Allegiant Travel (NASDAQ:ALGT) has become one of the most successful airlines in the U.S. (albeit not a very well-known one) by attacking a distinct niche: leisure travelers going from small cities to warm weather destinations. Focusing on markets where it does not face any competition has helped Allegiant generate margin performance near the top of the airline industry for the last several years.
Allegiant has also benefited from maintaining a very low cost structure. The company buys used, older-model airplanes that other airlines are replacing, which are often available at bargain prices. This allows Allegiant to concentrate its flying on days of the week and in months with the highest demand. Allegiant's strategy of flying its routes less than daily works because leisure travelers tend to be more flexible in their scheduling than business travelers.
Earlier this month, Allegiant announced a new route that marks a significant shift in the company's philosophy. Beginning in late October, Allegiant will serve the busy Los Angeles-Honolulu route twice a week. This route is already served by all three major network carriers, as well as Hawaiian Airlines (NASDAQ:HA), with each carrier offering multiple daily flights. What is Allegiant up to? More importantly, will it work?
Rethinking the market
A few years ago, Allegiant purchased Boeing 757 aircraft, which are larger and have a longer range than the MD-80s that are the mainstay of Allegiant's fleet. The primary reason for buying the 757s was that they would enable Allegiant to begin flying to Hawaii, a market that fits with Allegiant's overall leisure-oriented strategy.
Allegiant finally entered the Hawaii market in mid-2012, and the company expanded its flight schedule later in the year and then again in early 2013. However, Allegiant has discovered that Hawaii demand is more seasonal than it expected, and some of its markets cannot profitably support even one or two weekly flights during the off-season. As a result, Allegiant is seasonally cutting service on most of its mainland-Hawaii routes in mid-August. It's unclear whether all of those routes will be restarted during the 2014 peak season.
However, this move left Allegiant with a lot of extra 757 capacity. While the company has some ability to use those planes on other routes, the additional capacity cannot be absorbed in many of Allegiant's markets. (The 757s contain nearly 35% more seats than Allegiant's MD-80s.) Entering a busy market like Los Angeles-Honolulu could make sense insofar as there are enough travelers to keep planes full outside of the peak travel season.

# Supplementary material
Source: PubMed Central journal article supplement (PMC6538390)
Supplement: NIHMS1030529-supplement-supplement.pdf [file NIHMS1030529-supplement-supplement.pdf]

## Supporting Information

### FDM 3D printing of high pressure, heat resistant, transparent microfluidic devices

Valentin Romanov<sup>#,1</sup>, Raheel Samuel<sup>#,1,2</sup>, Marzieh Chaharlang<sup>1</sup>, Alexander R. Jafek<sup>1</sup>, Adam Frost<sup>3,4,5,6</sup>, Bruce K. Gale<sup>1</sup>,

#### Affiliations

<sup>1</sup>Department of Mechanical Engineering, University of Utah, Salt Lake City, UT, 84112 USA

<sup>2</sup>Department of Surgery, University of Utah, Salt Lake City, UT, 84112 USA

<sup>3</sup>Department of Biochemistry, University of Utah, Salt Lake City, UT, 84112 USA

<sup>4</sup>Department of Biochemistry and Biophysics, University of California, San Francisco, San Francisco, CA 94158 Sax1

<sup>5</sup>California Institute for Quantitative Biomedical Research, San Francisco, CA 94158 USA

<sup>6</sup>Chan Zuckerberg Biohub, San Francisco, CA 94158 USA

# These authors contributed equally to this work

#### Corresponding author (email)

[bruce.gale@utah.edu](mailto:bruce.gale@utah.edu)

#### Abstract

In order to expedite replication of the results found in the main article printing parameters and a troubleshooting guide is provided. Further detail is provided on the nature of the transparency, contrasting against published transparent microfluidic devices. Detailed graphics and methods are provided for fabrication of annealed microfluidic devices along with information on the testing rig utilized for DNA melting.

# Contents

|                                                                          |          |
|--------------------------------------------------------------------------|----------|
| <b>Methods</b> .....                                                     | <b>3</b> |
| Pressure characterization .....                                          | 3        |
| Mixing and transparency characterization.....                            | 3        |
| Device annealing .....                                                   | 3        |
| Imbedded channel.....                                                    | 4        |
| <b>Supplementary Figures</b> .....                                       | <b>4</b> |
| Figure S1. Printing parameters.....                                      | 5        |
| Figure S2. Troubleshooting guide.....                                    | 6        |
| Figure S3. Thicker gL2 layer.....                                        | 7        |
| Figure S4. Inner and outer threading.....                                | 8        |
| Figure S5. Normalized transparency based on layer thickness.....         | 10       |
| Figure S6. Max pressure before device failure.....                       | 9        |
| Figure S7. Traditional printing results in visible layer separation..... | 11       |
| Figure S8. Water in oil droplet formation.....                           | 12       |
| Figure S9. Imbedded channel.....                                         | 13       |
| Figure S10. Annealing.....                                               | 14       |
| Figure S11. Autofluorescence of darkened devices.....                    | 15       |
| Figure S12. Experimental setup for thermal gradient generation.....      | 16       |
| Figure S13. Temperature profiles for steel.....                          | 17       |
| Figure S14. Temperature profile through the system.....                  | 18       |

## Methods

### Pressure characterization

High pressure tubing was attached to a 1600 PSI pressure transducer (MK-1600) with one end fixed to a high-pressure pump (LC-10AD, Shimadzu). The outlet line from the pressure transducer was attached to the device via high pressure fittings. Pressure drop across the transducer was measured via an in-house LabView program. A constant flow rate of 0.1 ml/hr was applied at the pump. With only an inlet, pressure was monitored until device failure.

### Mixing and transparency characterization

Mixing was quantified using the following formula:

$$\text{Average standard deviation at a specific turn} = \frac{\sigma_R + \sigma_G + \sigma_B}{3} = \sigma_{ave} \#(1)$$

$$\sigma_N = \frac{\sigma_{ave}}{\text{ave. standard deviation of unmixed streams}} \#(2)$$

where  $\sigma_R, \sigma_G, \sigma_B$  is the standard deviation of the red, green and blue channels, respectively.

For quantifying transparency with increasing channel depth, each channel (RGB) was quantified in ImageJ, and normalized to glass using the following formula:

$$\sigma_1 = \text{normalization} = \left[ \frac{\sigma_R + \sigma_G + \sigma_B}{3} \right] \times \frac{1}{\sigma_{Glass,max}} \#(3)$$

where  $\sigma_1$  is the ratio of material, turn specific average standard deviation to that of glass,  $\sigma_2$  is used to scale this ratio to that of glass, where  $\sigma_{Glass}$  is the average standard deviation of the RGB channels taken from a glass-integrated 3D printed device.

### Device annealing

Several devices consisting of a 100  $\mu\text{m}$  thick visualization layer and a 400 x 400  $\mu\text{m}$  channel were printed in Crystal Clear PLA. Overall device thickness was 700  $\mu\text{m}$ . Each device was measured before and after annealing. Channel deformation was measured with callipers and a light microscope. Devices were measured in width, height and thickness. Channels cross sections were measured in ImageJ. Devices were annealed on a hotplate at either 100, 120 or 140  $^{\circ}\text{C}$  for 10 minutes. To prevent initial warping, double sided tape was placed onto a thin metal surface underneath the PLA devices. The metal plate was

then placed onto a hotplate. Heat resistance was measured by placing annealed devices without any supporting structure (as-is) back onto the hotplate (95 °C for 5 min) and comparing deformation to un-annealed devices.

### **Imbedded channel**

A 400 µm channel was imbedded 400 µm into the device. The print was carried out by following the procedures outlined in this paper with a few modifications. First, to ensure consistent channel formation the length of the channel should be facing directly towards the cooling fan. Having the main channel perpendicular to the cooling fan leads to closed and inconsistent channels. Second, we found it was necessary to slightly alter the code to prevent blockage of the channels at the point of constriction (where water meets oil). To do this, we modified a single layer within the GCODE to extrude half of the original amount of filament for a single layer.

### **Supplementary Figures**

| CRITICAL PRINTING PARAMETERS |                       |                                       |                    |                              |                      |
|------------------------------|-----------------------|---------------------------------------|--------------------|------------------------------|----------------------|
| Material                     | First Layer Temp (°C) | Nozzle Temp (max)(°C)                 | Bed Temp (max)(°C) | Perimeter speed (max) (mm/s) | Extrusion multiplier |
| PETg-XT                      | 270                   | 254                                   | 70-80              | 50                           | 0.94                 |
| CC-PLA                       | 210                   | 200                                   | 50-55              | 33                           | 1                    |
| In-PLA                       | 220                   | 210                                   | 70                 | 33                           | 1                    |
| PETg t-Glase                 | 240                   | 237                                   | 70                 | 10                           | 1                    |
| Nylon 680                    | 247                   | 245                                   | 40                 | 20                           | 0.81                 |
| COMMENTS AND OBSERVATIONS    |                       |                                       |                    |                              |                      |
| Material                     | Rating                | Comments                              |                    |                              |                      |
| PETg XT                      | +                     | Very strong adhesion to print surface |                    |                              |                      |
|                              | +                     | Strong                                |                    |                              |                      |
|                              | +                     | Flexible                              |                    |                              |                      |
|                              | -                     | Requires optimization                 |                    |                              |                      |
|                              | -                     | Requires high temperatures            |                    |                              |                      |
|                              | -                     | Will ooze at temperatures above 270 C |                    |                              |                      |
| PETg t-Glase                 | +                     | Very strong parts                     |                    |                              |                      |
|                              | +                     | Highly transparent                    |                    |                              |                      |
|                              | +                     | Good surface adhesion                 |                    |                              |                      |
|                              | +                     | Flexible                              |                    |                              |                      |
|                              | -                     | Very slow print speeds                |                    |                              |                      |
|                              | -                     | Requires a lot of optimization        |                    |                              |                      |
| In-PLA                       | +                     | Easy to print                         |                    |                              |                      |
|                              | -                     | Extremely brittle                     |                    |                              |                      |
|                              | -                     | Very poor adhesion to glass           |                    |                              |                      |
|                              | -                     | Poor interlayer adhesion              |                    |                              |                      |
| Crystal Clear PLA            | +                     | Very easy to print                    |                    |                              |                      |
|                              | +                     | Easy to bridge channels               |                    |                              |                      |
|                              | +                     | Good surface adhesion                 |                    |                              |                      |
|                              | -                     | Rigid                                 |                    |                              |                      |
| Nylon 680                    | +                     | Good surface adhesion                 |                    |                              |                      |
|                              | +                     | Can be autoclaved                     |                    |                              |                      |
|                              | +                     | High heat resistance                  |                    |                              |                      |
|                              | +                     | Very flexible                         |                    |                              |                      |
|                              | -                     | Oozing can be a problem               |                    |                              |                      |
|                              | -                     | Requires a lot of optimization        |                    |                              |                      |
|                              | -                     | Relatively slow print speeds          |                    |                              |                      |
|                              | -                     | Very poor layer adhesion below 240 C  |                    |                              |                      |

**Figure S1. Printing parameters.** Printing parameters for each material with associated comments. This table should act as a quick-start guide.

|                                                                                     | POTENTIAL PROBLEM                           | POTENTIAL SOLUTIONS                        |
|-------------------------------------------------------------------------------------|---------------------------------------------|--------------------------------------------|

Searching for bargain hunters
The real question for Allegiant is whether it can make a name for itself on a highly competitive route. The company's strategy seems quite simple: dramatically undercut competitors on price. Allegiant is offering $99 one-way tickets on the route (in limited quantities). By contrast, the cheapest tickets on market leader Hawaiian Airlines for travel in November are $273.50 each way. Even with Allegiant's additional fees, its cheapest tickets are half the price of tickets on Hawaiian.
Allegiant thus hopes to stimulate new travel demand in the LA-Hawaii market. By offering base round-trip airfares that are hundreds of dollars lower than competitors' prices, Allegiant will make a Hawaii vacation affordable for many travelers who could not pay today's market price. Given the size of the Los Angeles market, it seems quite plausible that Allegiant's lower fares will stimulate enough demand to fill its two weekly round-trips to Honolulu without having a major effect on competitors like Hawaiian.
Foolish bottom line
In some ways, Allegiant's new service between Los Angeles and Honolulu represents a big change. For the first time, it will be serving a route with many direct competitors. That said, the route still fits into the company's broader strategy of stimulating demand for leisure travel to warm weather markets with low fares and infrequent service. Allegiant's lower cost structure and ancillary revenue opportunities give it a good chance to succeed in this new market.
Allegiant stock has dropped by more than 10% this week, based on a relatively minor earnings miss. This could be a good time for bargain-hunting investors to buy stock in a company that has consistently posted strong margins and free cash flow growth over the last 10 years. If Allegiant can succeed in the Los Angeles-Honolulu market, it could create numerous future expansion opportunities in similar markets.
Fool contributor Adam Levine-Weinberg owns shares of Hawaiian Holdings and is long October 2013 $6 calls on Hawaiian Holdings. The Motley Fool has no position in any of the stocks mentioned. Try any of our Foolish newsletter services free for 30 days. We Fools may not all hold the same opinions, but we all believe that considering a diverse range of insights makes us better investors. The Motley Fool has a disclosure policy.